Prizes recognise talents of two Biochemistry researchers

Excellence at both the senior and junior level has been recognised by two recent prizes to researchers in the department.

Department of Biochemistry

Professor Anthony Watts is a Royal Society of Chemistry Interdisciplinary Prize winner for 2015. Daniel Yin, a third-year Biochemistry graduate, has received the Peter Beaconsfield Prize from Oxford University's Medical Sciences Division.

Tony Watts' award recognises his work at the interface between chemistry and other disciplines. His extensive work on proteins and lipids in model and natural membranes has used a huge range of biophysical, structural and molecular biology methods and techniques. Potential applications of the research include helping to deliver drugs more effectively.

Professor Anthony Watts

Professor Anthony Watts

Since the 1990s, Tony has pioneered new high-resolution solid state NMR techniques for the study of biomolecular systems aimed at resolving sub-Å structural and dynamic details of ligand- and drug-receptor interactions in the absence of other structural information.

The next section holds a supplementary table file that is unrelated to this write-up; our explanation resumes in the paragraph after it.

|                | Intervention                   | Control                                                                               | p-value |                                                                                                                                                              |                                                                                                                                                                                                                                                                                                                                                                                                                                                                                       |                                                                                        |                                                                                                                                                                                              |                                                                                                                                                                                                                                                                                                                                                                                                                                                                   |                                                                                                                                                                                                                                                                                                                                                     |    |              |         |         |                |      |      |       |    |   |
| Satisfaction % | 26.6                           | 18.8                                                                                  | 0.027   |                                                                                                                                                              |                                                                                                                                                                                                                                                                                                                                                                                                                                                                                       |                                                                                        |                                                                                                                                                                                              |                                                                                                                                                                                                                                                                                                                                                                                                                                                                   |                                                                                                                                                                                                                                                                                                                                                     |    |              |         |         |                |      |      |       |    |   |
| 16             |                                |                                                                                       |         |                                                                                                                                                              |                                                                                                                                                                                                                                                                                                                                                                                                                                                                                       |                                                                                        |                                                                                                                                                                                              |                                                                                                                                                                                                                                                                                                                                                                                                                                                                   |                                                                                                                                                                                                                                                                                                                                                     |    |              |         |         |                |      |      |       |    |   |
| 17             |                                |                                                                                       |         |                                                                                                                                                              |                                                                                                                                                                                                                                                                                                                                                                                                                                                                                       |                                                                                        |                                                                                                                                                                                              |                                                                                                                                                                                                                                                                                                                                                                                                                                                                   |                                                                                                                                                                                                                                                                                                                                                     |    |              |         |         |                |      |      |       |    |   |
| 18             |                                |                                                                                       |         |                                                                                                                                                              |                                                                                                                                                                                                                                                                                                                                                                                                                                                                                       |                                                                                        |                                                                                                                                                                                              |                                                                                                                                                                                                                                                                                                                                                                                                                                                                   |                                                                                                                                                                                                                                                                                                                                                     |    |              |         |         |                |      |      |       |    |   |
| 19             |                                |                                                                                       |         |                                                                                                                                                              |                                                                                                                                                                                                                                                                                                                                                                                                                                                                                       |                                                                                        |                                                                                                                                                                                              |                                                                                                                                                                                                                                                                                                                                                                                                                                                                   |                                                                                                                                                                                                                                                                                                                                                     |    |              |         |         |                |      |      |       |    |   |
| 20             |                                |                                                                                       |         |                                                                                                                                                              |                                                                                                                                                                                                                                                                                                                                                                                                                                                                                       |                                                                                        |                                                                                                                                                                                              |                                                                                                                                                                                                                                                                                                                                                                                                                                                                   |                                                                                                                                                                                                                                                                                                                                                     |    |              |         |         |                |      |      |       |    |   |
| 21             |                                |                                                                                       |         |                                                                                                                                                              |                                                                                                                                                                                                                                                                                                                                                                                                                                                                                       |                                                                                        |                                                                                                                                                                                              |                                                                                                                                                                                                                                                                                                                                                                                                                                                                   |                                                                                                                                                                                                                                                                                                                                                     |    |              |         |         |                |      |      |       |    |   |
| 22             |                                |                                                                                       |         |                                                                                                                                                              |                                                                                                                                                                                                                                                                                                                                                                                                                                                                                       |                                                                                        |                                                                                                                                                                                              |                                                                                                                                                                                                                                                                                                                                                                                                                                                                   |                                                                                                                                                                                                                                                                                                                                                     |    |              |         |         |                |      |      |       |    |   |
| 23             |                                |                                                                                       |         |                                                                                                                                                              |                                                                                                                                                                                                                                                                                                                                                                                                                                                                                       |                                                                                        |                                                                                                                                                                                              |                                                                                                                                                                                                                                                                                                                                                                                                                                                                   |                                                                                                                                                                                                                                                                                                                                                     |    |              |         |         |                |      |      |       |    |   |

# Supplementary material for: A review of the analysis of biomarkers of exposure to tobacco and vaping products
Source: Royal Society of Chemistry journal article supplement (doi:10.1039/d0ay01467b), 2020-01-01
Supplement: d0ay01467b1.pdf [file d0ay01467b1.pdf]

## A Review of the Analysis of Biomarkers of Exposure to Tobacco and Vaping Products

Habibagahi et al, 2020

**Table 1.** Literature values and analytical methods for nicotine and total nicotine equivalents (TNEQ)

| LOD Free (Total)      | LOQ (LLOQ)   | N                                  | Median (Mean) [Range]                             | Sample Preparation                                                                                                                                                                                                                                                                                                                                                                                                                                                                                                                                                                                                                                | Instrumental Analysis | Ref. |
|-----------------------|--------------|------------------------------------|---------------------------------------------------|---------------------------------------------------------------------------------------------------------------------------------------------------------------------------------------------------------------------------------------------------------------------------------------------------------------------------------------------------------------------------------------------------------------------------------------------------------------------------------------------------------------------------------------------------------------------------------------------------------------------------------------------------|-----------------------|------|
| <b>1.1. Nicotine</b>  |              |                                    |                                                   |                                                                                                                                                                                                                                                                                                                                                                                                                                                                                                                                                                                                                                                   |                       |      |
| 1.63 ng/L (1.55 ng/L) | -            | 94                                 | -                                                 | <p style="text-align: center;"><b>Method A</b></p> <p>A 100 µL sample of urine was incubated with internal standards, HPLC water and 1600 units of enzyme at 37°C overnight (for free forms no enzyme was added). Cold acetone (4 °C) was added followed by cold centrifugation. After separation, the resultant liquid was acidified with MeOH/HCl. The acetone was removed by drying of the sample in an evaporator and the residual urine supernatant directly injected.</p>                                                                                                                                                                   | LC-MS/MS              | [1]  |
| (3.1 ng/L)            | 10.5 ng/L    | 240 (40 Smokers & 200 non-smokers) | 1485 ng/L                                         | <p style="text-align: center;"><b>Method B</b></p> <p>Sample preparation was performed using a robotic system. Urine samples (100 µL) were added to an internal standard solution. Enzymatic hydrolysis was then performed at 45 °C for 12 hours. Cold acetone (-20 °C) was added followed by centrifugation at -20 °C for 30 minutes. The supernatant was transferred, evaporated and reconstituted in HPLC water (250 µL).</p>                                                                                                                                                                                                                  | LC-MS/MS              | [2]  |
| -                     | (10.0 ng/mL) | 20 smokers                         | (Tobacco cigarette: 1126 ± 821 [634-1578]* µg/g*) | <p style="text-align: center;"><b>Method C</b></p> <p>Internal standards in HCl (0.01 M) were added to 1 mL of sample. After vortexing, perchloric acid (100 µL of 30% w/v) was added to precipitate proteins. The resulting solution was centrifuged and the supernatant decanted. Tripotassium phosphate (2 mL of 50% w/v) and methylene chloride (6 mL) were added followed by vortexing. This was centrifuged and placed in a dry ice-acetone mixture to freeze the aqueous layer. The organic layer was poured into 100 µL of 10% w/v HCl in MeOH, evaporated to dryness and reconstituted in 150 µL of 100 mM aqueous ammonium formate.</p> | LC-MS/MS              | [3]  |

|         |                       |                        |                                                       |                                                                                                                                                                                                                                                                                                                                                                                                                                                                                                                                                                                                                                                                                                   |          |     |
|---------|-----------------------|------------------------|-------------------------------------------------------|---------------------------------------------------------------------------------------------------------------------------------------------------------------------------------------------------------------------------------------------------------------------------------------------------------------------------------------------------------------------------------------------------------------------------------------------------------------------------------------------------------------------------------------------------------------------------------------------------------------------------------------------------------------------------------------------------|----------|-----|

The Royal Society of Chemistry gives out over 60 prizes and awards, recognising achievements of individuals, teams and organisations in all areas of the chemical sciences. More details of the Interdisciplinary awards can be found on the Society's website.

Daniel, a student in Professor Watts' lab, won MSD's Peter Beaconsfield Prize with his essay: 'The Fight against the Fight against the Fight against Bacteria'. In it, he describes his work on antimicrobial peptides (AMPs) and efforts to develop them as drug candidates - in particular, to tune their selectivity to kill bacterial but not host cells, and to deliver the AMP once inside the body to the site of infection.

Daniel Yin

Daniel Yin

The competition is open to postgraduate students in DPAG, Pathology, Biochemistry or Experimental Psychology who have applied for transfer to DPhil status within the previous 12 months. The prize recognises individuals who have gone beyond their narrow field of specialisation and, by presenting their work in a translational context, have demonstrated a wider grasp of its significance and potential applicability.


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